Paul Rothemund folds DNA into shapes and patterns. Which is a simple enough thing to say, but the process he has developed has vast implications for computing and manufacturing — allowing us to create things we can now only dream of.

Why you should listen

Paul Rothemund won a MacArthur grant this year for a fairly mystifying study area: "folding DNA." It brings up the question: Why fold DNA? The answer is -- because the power to manipulate DNA in this way could change the way we make things at a very basic level.

Rothemund's work combines the study of self-assembly (watch the TEDTalks from Neil Gershenfeld and Saul Griffith for more on this) with the research being done in DNA nanotechnology -- and points the way toward self-assembling devices at microscale, making computer memory, for instance, smaller, faster and maybe even cheaper.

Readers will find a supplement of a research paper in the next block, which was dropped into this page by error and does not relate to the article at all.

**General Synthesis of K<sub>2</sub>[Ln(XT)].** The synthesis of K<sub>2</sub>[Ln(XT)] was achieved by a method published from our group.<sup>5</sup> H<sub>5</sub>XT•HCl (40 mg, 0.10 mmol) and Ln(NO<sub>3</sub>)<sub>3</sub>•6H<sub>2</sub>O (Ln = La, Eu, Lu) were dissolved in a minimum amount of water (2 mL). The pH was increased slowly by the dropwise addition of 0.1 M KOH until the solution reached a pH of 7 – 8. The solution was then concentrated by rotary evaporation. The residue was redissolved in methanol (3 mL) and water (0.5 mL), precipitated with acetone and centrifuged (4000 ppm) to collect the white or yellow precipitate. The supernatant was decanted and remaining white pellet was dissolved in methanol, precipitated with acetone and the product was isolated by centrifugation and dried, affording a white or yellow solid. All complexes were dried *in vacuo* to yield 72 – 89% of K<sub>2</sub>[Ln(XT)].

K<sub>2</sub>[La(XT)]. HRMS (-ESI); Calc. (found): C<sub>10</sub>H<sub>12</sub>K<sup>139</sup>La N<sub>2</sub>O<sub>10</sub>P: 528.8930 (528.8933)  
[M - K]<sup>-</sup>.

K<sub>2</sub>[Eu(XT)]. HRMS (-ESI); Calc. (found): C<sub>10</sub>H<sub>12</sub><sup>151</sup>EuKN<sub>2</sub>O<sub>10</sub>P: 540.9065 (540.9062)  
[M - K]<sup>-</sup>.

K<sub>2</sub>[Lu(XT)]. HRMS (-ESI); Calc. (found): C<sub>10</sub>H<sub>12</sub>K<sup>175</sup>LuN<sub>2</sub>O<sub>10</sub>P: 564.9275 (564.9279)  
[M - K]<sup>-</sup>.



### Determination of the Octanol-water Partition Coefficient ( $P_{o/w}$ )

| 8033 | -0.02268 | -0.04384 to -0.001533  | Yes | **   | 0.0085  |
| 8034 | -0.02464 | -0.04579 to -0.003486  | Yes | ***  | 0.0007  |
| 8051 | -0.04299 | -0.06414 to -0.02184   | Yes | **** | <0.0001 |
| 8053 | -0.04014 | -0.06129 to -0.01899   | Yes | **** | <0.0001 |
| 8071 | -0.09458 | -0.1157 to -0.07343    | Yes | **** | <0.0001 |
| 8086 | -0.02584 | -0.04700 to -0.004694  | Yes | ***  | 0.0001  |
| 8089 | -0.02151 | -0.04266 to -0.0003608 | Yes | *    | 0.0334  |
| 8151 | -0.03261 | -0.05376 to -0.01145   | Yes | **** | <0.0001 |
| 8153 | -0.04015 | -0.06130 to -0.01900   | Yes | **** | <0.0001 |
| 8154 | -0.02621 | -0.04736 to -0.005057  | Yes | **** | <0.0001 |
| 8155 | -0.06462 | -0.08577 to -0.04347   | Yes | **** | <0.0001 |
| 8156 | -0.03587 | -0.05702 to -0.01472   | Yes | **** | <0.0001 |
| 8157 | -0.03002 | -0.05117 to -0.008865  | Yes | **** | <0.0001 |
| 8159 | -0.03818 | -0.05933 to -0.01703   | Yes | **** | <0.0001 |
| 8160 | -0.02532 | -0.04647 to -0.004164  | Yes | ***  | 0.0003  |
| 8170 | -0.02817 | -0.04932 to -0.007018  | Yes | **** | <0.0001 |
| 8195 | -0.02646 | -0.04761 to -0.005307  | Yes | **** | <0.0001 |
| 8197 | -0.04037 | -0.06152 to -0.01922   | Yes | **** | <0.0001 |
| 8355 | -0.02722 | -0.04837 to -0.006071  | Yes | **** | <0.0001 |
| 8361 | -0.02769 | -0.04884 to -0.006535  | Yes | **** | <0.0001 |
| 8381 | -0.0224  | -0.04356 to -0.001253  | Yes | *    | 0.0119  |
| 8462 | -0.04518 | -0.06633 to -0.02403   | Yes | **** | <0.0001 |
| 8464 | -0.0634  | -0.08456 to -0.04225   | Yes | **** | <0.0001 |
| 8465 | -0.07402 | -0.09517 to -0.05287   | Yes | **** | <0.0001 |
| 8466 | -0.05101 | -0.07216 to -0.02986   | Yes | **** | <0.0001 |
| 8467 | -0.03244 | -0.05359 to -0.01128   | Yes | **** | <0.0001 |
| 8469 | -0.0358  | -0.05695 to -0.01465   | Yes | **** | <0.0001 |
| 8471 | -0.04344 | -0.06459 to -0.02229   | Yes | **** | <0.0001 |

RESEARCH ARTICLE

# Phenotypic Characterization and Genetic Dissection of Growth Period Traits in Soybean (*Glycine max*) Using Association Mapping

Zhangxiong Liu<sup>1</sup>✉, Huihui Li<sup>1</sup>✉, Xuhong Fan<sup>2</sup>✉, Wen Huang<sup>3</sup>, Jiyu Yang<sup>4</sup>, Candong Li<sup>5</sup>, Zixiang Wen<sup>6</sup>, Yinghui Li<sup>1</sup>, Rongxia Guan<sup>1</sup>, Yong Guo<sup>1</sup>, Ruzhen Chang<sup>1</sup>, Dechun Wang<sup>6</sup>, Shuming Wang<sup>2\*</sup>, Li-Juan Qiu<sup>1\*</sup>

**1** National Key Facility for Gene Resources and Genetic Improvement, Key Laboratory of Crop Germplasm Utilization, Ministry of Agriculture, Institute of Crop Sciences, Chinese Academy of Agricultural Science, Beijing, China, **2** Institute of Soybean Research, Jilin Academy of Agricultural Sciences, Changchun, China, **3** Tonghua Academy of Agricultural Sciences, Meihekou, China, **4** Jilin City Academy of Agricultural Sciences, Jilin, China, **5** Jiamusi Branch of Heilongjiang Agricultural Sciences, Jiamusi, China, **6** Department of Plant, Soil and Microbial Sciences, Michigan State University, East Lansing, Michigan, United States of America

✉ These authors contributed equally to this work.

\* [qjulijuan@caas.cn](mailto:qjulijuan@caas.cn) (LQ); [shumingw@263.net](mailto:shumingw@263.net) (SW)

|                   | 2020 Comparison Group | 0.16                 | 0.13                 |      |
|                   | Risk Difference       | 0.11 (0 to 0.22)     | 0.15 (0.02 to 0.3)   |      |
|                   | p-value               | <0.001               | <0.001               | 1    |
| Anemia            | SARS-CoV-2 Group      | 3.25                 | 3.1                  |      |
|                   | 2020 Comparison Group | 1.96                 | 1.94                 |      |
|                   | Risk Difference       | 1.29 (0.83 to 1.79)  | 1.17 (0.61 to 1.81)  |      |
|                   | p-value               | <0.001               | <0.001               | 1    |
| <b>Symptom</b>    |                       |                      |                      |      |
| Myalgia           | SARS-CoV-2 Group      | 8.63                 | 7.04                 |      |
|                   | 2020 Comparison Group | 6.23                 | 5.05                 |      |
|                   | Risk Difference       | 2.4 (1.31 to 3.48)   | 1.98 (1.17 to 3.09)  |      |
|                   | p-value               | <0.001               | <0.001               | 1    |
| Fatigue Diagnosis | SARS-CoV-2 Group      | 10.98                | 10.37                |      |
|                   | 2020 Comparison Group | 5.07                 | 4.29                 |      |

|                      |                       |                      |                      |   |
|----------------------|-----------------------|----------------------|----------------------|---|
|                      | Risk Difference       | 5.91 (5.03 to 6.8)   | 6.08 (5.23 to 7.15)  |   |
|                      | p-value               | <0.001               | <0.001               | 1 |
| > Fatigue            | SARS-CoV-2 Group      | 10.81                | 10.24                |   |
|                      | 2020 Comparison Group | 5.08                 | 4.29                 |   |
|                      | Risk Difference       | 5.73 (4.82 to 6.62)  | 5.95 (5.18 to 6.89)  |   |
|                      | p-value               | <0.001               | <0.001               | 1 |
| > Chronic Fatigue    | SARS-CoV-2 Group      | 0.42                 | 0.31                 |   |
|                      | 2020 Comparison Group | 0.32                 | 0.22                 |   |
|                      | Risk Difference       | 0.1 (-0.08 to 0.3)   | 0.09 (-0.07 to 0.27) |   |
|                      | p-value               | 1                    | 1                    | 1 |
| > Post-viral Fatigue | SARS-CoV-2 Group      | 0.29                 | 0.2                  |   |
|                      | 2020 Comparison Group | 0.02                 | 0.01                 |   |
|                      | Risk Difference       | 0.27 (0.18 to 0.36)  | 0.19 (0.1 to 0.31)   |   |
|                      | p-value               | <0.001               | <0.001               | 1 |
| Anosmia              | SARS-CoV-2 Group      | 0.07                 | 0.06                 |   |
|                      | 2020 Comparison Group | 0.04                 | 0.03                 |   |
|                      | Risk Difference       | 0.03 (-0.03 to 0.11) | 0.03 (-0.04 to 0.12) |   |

Paul Rothemund’s TED talks

More news and ideas from Paul Rothemund

The immense promise of DNA folding: Paul Rothemund on

September 2, 2008

At TED2007, Paul Rothemund gave TED a short summary of DNA folding (calling it a process akin to magic). Now, he lays out in clear, adundant detail the immense promise of this field — to create tiny machines that assemble themselves from a set of instructions. (Recorded February 2008 in Monterey, California. Duration: 16:24.)   […]

Continue reading

Tiny battery made of self-assembling viruses

August 20, 2008

MIT reports today on the work of professors Yet-Ming Chiang, Angela Belcher and Paula Hammond, who’ve developed a way to build tiny batteries about half the size of a human cell to power tomorrow’s equally tiny devices. The electrolyte of the battery is made of polymers stamped onto a rubbery film. On top of this, […]

Continue reading

TED2008: What is life?

February 28, 2008

(Unedited running notes from the TED2008 conference in Monterey, California. Third session.) Alisa Miller, head of Public Radio International, introduces the session with a 3-minutes talk on how America perceives the rest of the world and how the news shape the way the US sees the world. She pulls up a map of the number […]

Continue reading